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Hello everyone. First time poster. About a year and a half ago we bought a 1950s semi-detached house that needed a complete refit. Weve moved in now but to check storage space I ventured in to the loft to see what was available. First thing I noticed was the under-tile roofing felt has split/torn badly in places and is now hanging down. The tiles are visible though the gaps/cracks and a lot of dust has come in from outside and is laying on the insulation. It would also appear that at some point snow has blown underneath the tiles, melted, dripped through the insulation and stained the bedroom ceiling. Going by looking closely at it the "felt" is Kraft paper (even has the Kraft logo on one edge). Its formed of several layers with fibres in between and is brown on one side and dark on the other. It would appear that futher up the tiles have been lifted and another type of felt has been laid which looks like string net encased in a sheet of thick, black plastic (best way I can desribe it).
Speaking to next door they had the same problem and ended up paying £3000 to have a firm come and raise the tiles and relay the felt for the entire loft. We dont have that sort of money and as it is only really the bottom half of the rafters that its coming away I attempted to fix it by using a staple gun and insulating tape. This failed as when a draft came under the tiles it ended up tearing in other places and hang down again.
Now to the advice I need. I have 2 ideas:
1). Put sheets of hardboard over the rafters which would then cover up all of the gaps and stop the draft/dust coming in. I have been advised to leave a gap at the bottom to allow air to circulate in from the eaves.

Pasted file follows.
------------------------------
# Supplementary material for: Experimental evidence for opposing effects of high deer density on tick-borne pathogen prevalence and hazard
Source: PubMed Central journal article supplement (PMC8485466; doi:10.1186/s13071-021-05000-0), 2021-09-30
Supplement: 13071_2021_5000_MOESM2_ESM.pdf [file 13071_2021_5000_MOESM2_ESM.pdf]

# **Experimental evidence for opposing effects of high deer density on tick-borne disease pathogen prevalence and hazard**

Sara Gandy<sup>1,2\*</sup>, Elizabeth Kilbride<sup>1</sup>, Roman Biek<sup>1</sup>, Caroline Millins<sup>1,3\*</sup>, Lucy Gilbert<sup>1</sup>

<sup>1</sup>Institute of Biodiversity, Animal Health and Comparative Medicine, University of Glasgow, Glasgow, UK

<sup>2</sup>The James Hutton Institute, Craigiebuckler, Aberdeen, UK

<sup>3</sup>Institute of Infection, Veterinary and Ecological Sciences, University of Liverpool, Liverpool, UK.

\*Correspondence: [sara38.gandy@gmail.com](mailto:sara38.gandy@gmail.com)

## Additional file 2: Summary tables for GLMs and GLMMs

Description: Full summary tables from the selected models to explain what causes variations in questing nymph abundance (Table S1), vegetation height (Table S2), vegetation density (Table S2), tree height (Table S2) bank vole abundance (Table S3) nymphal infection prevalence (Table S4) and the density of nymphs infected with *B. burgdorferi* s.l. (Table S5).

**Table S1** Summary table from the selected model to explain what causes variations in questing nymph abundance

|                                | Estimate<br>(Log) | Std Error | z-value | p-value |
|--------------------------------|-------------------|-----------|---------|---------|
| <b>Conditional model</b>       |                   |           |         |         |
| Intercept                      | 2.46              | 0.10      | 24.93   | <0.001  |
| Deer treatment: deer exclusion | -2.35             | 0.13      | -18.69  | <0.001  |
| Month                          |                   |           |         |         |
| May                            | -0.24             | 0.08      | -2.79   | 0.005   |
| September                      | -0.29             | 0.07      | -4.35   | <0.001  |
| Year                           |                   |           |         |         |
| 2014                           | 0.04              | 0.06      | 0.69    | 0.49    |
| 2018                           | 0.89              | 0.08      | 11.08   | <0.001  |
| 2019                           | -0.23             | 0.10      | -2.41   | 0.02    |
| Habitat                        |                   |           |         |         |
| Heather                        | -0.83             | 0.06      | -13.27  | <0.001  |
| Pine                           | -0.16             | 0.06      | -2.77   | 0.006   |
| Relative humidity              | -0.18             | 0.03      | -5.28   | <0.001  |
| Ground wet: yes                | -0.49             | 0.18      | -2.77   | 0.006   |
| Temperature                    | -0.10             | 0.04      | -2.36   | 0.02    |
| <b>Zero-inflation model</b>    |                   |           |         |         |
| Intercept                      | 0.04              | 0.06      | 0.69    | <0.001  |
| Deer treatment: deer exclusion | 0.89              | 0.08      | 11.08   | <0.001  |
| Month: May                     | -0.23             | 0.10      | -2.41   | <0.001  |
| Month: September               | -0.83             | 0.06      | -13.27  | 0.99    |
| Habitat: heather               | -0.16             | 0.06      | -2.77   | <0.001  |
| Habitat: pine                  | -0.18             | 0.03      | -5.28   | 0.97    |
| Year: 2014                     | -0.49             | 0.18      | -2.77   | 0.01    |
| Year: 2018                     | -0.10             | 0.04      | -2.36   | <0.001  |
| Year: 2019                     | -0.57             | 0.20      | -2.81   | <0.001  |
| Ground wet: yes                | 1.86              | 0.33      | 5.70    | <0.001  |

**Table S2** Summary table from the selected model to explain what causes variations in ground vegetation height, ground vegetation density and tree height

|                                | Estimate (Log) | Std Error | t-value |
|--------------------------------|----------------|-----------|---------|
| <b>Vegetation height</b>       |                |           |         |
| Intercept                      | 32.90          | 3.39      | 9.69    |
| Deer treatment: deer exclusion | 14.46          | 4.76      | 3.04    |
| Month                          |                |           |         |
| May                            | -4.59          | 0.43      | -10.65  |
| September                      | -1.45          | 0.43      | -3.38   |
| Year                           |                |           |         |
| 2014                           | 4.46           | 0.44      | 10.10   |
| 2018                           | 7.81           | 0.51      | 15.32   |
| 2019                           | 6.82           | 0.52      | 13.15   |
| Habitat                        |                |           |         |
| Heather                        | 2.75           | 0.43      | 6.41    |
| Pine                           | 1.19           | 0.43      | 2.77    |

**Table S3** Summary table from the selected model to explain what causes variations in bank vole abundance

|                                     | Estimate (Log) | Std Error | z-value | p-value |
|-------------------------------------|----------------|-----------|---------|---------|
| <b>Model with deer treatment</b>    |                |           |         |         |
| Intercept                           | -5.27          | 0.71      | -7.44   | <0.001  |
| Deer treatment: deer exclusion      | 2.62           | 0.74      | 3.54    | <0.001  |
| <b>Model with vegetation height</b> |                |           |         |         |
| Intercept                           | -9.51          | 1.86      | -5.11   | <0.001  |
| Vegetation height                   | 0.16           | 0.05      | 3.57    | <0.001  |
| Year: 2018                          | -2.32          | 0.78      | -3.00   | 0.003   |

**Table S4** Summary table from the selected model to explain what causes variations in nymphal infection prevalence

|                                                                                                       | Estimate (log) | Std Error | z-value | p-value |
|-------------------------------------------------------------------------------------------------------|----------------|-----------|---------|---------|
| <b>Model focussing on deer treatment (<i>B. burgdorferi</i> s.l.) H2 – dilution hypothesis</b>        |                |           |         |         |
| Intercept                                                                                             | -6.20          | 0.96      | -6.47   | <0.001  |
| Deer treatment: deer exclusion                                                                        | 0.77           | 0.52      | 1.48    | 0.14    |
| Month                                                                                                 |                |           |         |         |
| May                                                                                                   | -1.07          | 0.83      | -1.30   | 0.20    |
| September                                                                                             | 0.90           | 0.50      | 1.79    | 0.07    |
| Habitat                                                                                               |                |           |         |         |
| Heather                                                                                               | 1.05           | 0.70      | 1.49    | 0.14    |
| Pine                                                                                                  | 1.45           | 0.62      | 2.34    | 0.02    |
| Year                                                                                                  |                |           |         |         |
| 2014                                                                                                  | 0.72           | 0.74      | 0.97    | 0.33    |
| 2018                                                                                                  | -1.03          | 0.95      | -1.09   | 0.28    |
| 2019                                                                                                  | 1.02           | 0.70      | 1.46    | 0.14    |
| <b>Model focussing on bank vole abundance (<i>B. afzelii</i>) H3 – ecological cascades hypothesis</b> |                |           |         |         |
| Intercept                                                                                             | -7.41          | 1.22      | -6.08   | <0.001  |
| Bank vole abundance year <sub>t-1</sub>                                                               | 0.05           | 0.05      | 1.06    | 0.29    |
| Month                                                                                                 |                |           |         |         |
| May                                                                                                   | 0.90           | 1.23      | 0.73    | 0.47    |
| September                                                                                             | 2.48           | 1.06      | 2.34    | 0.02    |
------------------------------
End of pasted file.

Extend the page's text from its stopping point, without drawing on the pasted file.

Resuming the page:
2). Cut lengths of hardboard the exact width of the space between the rafters and then lay them between the rafters (over the tiles/kraft paper) and attach them to the rafters some how.
Assuming I still left the gap at the bottom would either method work as air would still be able to circulate?
I am also thinking of stapling several lengths of double sided foil/buble insulation over the rafters to give some of the heat in and then boarding over that. Would this be ok (condensation-wise) as there would still be an air gap between the foil layer and then underside of the tiles. What about if I did this with the second method and glued the foil to the underside of the hard board and then laid it between the rafters over the underside of the tiles? Would it still cause condensation between the tiles and the surface of the foil layer and drip down into the loft floor/cavity wall?
Thanks for any advice. If anybody needs further info or clarification give me a shout.
- Yquincyme 27th Jan, 2013 Insulation
Hello, we are looking into buying a mid terrace victorian house, it has been empty for 4 months. In the lounge above the window and on the ceiling in the bedroom(1st floor) there are signs of damp in the ceiling, the 2nd floor bedrooms and basement have no signs of damp, and non of the house smells of damp. When we have looked the gutter is wooden and water trickling down the building. Is it likely that the guttering is causing the damp? What would the process be of fixing the ceilings?
- Yholliewilson87 27th Jan, 2013 Damp Proofing
Hi, we live in an old farm house and want to put a new woodburning stove in our sitting room. The chimney wall is internal between two rooms and is 24 inches thick stone. There has been a wood burning stove in for 15 years however it has got tired and old. when we fit a new stove do we need to line the chimney, all the modern chat says so. It is a long chimney with a bend and would not be too easy to line. Why do people line chimneys? This is an internal wall which does not get as cold as some. Thanks
- Ymcdiarmid_10 27th Jan, 2013 Chimneys & Fireplaces